Governor Gretchen Whitmer Dodges Interview Question on Hunter Biden

Reporter interviewing businessman, corporate building in background

When asked about the criminal trial being conducted against Hunter Biden, the son of President Joe Biden, Michigan Governor Gretchen Whitmer, a Democrat, claimed that she was unable to maintain a connection in a remote interview on June 9th.

During the second week of Hunter Biden’s trial, which is taking place in a federal court in Biden-friendly Delaware, Whitmer was questioned by Dana Bash on the subject matter during Sunday’s State of the Union show on CNN.  Whitmer said that she was unable to hear Bash when she was questioned about the allegations they made against Hunter Biden. 

According to federal prosecutors, Hunter Biden is suspected of committing three crimes in connection with his acquisition of a handgun in 2018. These charges include falsifying information on a background check as well as being in possession of a firearm. The allegations originate from the fact that he is not permitted to possess a handgun due to his dependency on crack cocaine, which is something that Hunter has been quite open about.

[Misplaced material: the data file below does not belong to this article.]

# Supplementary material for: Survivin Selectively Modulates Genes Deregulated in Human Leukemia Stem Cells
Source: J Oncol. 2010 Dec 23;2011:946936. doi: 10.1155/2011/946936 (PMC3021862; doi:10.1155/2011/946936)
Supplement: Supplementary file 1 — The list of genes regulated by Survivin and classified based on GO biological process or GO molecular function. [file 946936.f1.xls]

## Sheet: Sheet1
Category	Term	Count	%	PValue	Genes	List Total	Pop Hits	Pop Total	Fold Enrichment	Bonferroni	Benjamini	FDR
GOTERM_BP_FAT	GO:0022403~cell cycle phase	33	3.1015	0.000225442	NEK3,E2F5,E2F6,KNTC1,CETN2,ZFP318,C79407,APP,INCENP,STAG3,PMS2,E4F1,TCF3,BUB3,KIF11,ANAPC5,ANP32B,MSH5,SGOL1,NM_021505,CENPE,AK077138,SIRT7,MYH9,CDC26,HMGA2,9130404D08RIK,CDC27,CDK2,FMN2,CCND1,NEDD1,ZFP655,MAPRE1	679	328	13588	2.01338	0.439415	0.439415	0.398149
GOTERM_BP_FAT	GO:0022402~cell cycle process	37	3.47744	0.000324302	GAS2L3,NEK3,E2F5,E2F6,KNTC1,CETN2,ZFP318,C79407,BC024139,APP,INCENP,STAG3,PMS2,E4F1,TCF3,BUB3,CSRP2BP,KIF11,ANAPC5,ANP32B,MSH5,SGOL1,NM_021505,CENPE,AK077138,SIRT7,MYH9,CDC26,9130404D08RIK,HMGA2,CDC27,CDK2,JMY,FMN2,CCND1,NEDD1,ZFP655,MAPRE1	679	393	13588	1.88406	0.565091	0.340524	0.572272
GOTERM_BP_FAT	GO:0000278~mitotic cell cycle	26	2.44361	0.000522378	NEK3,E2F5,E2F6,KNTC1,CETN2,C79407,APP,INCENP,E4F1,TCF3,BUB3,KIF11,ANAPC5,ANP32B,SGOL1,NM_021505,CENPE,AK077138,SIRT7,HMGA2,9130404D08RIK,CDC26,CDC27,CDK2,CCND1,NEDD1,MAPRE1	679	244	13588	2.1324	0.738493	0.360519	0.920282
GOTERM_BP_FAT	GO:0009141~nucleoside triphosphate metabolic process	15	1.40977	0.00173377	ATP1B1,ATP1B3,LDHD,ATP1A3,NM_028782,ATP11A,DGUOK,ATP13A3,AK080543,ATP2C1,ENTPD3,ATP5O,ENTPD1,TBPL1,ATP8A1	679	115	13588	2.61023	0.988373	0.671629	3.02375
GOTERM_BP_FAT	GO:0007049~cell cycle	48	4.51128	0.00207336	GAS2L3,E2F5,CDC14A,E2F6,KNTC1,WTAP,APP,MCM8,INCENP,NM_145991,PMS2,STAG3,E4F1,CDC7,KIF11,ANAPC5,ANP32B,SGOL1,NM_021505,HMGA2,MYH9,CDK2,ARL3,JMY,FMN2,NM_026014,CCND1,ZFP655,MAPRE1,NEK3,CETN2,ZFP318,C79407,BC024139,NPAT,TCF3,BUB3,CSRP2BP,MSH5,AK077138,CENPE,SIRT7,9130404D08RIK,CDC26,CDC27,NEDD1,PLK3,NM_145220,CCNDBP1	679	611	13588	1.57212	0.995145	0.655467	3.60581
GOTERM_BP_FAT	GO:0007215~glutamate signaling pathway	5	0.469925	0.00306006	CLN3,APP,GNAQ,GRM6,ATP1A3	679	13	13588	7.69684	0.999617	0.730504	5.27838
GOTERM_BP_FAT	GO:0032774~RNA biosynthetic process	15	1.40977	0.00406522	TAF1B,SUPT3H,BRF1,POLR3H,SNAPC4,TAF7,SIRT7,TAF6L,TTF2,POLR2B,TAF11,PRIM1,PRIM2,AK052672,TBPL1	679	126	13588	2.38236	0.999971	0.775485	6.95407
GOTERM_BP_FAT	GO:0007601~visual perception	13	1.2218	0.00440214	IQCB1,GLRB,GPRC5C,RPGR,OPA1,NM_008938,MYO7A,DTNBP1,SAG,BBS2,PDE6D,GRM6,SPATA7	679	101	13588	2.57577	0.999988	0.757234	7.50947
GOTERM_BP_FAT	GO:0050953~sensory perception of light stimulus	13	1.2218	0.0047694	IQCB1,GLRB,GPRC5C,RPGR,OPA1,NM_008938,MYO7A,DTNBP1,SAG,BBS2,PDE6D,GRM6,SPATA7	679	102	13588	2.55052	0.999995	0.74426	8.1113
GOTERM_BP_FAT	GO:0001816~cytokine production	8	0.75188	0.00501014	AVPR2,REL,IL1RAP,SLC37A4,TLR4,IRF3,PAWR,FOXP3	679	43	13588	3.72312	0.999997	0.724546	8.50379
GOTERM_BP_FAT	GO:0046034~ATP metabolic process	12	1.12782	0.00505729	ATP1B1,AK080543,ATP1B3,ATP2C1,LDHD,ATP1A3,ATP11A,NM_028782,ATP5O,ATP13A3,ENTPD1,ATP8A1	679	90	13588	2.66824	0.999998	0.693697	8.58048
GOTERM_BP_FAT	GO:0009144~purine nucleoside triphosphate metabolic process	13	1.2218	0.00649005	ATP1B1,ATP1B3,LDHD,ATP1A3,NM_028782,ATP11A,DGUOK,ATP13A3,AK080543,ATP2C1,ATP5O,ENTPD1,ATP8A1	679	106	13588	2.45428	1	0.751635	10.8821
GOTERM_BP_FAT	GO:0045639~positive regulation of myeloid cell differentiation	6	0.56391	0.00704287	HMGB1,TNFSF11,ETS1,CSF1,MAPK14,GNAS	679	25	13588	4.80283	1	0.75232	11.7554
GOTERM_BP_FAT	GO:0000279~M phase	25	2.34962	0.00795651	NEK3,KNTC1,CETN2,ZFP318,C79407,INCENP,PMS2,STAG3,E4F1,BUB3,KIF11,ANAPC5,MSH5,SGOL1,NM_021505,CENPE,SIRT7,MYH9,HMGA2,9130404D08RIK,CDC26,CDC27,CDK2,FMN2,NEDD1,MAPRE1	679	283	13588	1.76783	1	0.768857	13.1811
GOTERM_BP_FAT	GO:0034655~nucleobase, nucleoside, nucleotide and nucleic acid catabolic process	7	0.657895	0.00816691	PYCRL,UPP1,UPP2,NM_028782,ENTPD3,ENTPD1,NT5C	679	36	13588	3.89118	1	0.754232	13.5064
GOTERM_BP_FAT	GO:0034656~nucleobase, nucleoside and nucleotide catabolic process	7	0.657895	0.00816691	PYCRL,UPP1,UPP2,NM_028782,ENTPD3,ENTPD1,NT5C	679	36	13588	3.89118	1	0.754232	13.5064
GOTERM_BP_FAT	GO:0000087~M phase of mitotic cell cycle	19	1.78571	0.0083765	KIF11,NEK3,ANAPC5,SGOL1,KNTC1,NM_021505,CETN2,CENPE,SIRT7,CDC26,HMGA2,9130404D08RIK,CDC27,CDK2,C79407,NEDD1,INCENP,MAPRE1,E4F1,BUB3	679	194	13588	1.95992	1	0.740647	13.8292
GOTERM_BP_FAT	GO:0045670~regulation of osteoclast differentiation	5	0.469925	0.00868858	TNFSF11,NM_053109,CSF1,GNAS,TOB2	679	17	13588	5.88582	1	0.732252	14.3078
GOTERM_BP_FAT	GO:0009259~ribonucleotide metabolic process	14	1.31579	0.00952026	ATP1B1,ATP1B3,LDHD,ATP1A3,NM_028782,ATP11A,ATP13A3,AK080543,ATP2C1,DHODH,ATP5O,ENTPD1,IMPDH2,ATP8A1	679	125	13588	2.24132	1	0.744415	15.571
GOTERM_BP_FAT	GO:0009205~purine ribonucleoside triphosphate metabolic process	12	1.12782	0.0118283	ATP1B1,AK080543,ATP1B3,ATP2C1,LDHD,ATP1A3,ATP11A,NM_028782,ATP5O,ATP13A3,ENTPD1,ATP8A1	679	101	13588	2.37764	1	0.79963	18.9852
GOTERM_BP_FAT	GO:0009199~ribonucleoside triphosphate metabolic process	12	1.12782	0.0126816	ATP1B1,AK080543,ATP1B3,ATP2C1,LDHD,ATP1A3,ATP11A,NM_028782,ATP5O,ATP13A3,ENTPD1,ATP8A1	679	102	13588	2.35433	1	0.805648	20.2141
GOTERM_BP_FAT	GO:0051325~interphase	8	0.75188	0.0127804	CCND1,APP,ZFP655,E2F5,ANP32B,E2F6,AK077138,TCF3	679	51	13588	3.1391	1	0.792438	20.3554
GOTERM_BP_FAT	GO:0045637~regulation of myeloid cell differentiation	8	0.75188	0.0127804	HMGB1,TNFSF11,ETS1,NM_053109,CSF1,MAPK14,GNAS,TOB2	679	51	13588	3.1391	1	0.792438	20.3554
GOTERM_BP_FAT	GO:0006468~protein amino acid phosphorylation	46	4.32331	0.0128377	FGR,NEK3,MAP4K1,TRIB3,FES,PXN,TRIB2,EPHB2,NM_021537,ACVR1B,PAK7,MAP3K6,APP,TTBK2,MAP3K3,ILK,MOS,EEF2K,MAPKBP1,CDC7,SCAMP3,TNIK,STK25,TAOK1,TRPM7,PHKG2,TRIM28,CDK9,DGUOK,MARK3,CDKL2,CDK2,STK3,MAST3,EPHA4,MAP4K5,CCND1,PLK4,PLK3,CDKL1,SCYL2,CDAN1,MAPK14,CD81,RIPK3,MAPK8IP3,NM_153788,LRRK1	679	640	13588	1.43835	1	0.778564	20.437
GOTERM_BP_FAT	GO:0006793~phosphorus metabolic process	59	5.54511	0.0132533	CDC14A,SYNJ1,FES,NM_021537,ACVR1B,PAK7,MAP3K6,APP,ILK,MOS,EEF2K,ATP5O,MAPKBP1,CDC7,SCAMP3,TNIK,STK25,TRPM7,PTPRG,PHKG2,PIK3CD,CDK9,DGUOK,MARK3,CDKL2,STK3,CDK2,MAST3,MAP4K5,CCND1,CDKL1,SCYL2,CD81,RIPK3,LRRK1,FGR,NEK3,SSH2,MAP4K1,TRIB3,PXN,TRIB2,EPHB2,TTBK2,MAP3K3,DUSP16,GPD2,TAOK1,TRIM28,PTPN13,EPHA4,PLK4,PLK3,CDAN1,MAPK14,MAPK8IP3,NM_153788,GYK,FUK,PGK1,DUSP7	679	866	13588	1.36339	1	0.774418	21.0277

Whitmer returned at the conclusion of the program, and when she was questioned once again about the allegations, she reacted by saying that she was unsure of how to comment on the matter. However, during the first part of her interview, she had a lot to say regarding former President Donald Trump, as well as the contentious trial and judgment that took place in Manhattan. Many experts believe that the conviction will be reversed on appeal.

Whitmer said no one is above the law, and former President Trump is presently a convicted criminal in the United States.

Reports indicate that the Federal Bureau of Investigation (FBI) announced at a news conference held in October 2020 that it had foiled a conspiracy by an alleged “right-wing militia” to abduct and murder Governor Gretchen Whitmer.

However, it was later discovered that paid FBI operatives carried out every aspect of the scheme, including its conception, planning, and execution. The case was reported to be almost entirely made up of FBI informants and agents.

The case suffered a severe blow last August.

Michael Hills, counsel for Brandon Caserta, revealed text communications of one of the six defendants. The texts showed an FBI field agent instructing an informant to lie, frame an innocent man, and demand that the conversations be deleted.